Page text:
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Deaths In Tribal Jails Continue Despite Promises Of Improvement

keith_skunkcap.jpg
Tailyr Irvine/NPR
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Keith Skunkcap outside his home in Cut Bank, Mont.

For years, poor conditions in tribal jails have led to investigations and promises to improve. Yet in the last five years, nearly 20 people have died in tribal jail custody, most incarcerated for minor offenses.

One of them was Brandy Skunkcap, who died in a Blackfeet Reservation jail in Montana. According to an investigation by the Mountain West News Bureau, her death came after correctional officers violated federal policy by failing to immediately administer first aid.

In 2017, the National Congress of American Indians, an advocacy group that represents tribal communities, passed a resolution urging Congress for additional money to place medical personnel in tribal jails, arguing that the current situation "exacerbates the already challenging problem of health disparities for American Indians."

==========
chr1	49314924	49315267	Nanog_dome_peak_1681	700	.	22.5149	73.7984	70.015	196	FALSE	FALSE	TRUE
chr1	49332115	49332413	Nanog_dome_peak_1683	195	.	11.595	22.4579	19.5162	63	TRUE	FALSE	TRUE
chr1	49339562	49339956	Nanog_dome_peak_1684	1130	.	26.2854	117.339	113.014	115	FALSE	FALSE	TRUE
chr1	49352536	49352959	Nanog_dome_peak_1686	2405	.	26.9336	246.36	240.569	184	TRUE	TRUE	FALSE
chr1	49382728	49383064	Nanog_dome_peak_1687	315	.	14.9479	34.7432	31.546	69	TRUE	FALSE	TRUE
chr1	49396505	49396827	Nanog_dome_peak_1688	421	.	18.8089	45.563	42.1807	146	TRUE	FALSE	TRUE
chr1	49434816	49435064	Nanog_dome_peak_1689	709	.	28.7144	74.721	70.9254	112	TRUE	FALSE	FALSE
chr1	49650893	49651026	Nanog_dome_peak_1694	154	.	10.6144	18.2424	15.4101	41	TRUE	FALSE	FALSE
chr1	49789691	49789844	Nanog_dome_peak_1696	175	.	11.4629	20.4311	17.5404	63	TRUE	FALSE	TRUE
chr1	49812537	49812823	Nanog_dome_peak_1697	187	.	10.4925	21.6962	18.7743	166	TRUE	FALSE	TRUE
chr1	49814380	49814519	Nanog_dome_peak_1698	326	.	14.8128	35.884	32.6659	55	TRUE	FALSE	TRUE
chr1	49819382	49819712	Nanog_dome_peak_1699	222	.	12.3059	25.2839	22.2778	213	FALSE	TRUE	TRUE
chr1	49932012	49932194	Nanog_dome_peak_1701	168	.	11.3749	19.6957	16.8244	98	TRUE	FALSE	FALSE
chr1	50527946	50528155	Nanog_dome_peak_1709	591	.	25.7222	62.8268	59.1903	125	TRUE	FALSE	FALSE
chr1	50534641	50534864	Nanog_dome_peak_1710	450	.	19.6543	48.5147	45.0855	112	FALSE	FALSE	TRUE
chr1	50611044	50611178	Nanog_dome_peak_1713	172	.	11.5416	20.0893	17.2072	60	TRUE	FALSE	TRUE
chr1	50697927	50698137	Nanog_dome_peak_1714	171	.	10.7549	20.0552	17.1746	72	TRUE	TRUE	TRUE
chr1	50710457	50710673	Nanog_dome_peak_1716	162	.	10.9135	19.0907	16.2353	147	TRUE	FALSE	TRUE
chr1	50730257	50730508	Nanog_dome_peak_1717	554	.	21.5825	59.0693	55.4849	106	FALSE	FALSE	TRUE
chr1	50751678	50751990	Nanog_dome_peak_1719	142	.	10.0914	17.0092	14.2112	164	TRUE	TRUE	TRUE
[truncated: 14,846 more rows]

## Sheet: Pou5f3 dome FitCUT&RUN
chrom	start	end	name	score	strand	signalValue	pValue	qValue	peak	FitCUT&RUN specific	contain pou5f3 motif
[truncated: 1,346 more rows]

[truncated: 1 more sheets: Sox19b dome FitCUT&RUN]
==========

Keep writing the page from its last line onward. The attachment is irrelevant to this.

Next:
Mountain West News Bureau reporter Nate Hegyi, who led the investigation into the deaths, said the far-flung nature of the jails and federal bureaucracy create inconsistencies in the medical services that are offered.

“Each each jail is responsible for kind of penciling out a contract with the Indian Health Service,” he told State of Nevada “And they're also a federal agency drastically underfunded and understaffed that run hospitals and other health clinics on reservations.”

He said those factors also inhibit family members and others from learning more about what happens at the jails.

“You're dealing with a jurisdictional quagmire when it comes to Indian Country,” Hegyi said.

Tribal advocates want to see improved medical care in the jails, including more on-site staffing by healthcare professionals, something that’s routine elsewhere in the federal prison system.

“The federal government just hasn't acted on that, and that's what they want to see changed,” Hegyi said. “They want to see Congress fund on-site medical personnel in these jails.”

Editor's Note: Nevada Public Radio's Native Nevada podcast focuses on issues facing tribal members.

Nate Hegy, reporter, Mountain West News Bureau

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Joe Schoenmann joined Nevada Public Radio in 2014. He works with a talented team of producers at State of Nevada who explore the casino industry, sports, politics, public health and everything in between.
(Editor's note: Nate is no longer a member of our staff, but you can still enjoy their stories here.)